What can be done to save the people of Gaza?

The Gaza Strip is a tiny patch of land – just 362 square kilometres (225 square miles) – that is currently home to around 1.8 million Palestinians. It has one….

The Gaza Strip is a tiny patch of land – just 362 square kilometres (225 square miles) – that is currently home to around 1.8 million Palestinians. It has one of the highest population densities in the world, and the figure is increasing all the time. The population is expected to grow to 2.1 million by 2020.

Sandwiched between Israel, Egypt and the Mediterranean Sea, over the last decade Gaza has been ravaged by multiple wars and a continued economic blockade. This has had major consequences. A new report from the UN Conference on Trade and Development warns that Gaza could become uninhabitable by 2020 if current economic and population trends continue.

The report cites the “de-development” of Gaza. This term is fairly self-explanatory. It describes a process where development is actively reversed, rather than just failing to move forward. This is the result of the eight-year blockade by Israel and Egypt which began after Hamas took control of Gaza in 2007, but is also caused by the three wars which Israel has waged on the enclaved over the last six years. The two feed into each other; the blockade prevents essential building materials from getting through in order to complete post-conflict reconstruction.

The report notes that the blockade has “ravaged the already debilitated infrastructure of Gaza, shattered its productive base, left no time for meaningful reconstruction or economic recovery and impoverished the Palestinian population in Gaza, rendering their economic wellbeing worse than the level of two decades previous.” Poor governance by the Hamas administration is highlighted as another major problem for the economy.

The most recent war in the summer of 2014 has had a profound effect. The Israeli offensive in Gaza left more than 2,260 Palestinians dead, more than 11,000 injured, and around 500,000 displaced. Of those, 100,000 people are still homeless. More than 18,000 buildings – including homes, hospitals and other facilities – were destroyed. Infrastructure suffered severely: up to 247 factories and 300 commercial centres were fully or partially destroyed. Gaza’s only power station sustained severe damage. Overall, the territory’s GDP dropped by 15 per cent in 2014, and unemployment reached a record high of 44 per cent; the highest rate of anywhere in the world.

This was not an economy that was equipped to cope with such wide scale destruction; the war compounded an already dire socio-economic situation. According to the report, the 2014 war “effectively eliminated what was left of the middle class, sending almost all of the population into destitution and dependence on international humanitarian aid.” Today, 72 per cent of households in Gaza are food insecure. Less than two per cent of the building materials required for reconstruction have been allowed into Gaza since the war ended over a year ago.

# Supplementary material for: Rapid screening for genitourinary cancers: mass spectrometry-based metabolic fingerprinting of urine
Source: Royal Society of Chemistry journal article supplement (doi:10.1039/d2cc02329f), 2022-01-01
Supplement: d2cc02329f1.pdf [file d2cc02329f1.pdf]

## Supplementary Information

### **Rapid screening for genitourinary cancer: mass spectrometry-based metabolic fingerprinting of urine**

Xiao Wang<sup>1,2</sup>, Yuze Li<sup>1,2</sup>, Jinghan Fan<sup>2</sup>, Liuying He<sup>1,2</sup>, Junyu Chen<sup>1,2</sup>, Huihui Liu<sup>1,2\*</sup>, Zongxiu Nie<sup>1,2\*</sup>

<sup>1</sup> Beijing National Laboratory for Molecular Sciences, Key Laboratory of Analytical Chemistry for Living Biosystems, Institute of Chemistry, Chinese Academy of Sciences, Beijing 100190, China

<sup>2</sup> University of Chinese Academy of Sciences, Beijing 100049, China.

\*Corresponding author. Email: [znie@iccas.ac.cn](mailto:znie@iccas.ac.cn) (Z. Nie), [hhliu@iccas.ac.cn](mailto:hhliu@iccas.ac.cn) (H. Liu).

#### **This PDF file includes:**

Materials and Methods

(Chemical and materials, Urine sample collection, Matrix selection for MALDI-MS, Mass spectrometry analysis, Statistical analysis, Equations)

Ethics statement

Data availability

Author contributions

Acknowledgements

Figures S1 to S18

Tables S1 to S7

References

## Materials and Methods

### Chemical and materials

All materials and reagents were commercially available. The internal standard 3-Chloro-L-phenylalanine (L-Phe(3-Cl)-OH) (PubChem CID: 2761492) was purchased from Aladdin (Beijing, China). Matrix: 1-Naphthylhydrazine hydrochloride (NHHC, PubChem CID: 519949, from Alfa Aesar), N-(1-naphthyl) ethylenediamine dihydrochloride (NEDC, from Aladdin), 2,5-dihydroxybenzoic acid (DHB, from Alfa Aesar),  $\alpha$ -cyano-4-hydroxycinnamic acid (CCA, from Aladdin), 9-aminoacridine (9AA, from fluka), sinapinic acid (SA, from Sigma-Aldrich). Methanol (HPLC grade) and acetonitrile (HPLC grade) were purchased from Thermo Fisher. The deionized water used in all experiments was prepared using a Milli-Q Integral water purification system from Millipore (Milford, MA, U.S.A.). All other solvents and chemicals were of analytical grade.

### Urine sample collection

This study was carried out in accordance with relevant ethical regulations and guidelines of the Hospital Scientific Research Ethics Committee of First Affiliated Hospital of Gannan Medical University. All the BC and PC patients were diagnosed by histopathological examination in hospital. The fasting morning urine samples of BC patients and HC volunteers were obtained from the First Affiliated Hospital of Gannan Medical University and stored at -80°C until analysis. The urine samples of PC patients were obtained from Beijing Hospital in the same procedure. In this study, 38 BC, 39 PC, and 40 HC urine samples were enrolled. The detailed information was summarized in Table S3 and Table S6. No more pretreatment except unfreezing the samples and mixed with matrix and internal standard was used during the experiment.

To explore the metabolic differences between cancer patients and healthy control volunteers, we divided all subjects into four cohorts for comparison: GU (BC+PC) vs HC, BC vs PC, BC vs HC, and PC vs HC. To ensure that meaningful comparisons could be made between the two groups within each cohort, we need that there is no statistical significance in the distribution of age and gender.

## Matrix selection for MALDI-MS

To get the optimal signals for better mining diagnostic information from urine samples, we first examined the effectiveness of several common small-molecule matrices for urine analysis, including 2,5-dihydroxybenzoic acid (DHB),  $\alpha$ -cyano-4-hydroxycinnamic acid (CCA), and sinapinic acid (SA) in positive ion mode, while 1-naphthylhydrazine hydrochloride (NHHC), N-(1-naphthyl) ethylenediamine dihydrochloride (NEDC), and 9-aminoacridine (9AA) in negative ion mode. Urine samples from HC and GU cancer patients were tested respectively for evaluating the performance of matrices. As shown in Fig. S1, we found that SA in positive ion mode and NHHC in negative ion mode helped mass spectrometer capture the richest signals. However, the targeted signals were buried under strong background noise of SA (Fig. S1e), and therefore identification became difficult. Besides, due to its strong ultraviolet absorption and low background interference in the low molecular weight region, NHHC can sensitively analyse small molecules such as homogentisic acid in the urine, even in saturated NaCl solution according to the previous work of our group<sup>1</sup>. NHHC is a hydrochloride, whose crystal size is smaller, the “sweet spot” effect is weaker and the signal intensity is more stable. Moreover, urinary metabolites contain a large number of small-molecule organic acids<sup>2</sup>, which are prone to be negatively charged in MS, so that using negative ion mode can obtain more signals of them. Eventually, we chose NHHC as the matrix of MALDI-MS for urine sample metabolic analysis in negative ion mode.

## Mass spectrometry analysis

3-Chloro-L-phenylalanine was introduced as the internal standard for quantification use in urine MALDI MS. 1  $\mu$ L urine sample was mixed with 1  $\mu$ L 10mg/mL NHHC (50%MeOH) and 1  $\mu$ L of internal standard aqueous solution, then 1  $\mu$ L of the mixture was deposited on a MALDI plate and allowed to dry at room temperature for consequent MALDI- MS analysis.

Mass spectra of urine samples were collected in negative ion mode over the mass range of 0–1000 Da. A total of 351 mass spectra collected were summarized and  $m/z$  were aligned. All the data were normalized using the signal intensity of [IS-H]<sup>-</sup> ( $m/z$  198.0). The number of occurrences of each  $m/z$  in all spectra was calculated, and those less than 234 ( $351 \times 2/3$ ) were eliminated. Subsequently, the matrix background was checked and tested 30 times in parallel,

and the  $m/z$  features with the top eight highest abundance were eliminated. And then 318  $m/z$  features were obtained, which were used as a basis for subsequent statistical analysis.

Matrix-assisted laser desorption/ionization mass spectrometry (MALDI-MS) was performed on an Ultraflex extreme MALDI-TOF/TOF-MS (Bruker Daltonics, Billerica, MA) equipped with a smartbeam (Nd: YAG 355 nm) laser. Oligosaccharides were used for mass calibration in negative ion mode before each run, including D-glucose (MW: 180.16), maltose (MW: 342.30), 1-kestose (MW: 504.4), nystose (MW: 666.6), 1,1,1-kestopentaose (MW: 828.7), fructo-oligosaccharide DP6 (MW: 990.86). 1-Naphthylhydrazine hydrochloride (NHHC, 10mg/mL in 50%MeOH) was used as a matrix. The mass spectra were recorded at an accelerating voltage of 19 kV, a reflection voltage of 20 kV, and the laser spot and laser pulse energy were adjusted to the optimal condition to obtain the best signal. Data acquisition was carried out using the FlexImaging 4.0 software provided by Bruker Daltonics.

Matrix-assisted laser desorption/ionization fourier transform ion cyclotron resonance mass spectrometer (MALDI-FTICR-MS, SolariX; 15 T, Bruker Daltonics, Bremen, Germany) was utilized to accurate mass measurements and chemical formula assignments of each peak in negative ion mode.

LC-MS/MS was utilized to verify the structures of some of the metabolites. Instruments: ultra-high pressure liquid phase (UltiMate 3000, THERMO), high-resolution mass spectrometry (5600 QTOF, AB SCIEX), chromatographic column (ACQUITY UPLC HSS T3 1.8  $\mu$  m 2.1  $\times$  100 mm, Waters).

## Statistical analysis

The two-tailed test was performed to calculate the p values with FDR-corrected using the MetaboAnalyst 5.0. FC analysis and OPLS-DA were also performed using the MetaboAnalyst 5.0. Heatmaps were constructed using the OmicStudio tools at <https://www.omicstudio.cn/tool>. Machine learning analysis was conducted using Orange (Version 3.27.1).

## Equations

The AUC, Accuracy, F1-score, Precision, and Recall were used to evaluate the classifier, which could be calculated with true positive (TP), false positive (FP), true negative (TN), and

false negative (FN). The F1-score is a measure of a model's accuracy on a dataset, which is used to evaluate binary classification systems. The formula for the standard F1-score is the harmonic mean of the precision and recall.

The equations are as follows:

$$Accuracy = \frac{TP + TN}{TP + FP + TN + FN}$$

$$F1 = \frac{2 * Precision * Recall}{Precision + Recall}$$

This is not the first time that the UN has highlighted the process of de-development in Gaza. The issue has come up after all three of the wars on Gaza over the last six years. Notably, in 2012, UNRWA warned that Gaza would become unliveable by 2020, citing limits in the supply of water and electricity. This week’s report, issuing the same hopeless forecast, follows warnings by other international institutions. In May, the World Bank said that the Israeli and Egyptian blockades, in conjunction with war and poor governance, were strangling Gaza’s economy.

The problems then are well documented. But what can be done? The report notes that aid from international donors remains essential, but is not the answer: “Short of ending the blockade, donor aid… will not reverse the ongoing de-development and impoverishment in Gaza.” Yet there is little, if any, meaningful international pressure on Israel or Egypt to end the blockade. The report was published as Egyptian military bulldozers pressed ahead with a project that would fill Egypt’s border with Gaza with water, in order to flood the last remaining cross-border underground smuggling tunnels. Egypt had already blown up many of these tunnels, which are used to transport weapons – but also commercial items and basic supplies. They were the Gaza Strip’s lifeline.

There is no evidence for the efficacy of the blockade. Earlier this month, a report by the International Crisis Group argued that “the policies of isolating Hamas and blockading Gaza have neither brought a political settlement closer nor dislodged Hamas. There is no reason to believe that their continuation will do so.”

Multiple reports have highlighted the growing emergency in Gaza, yet the day-to-day realities continue to worsen. Per capita income is now 31 per cent lower than it was in 1994, the year that Yasser Arafat signed the Oslo agreement. Today, conditions in Gaza are the worst since Israel first occupied it in 1967. That the situation for the citizens of Gaza is dire is not up for debate. The question now is what can be done about it.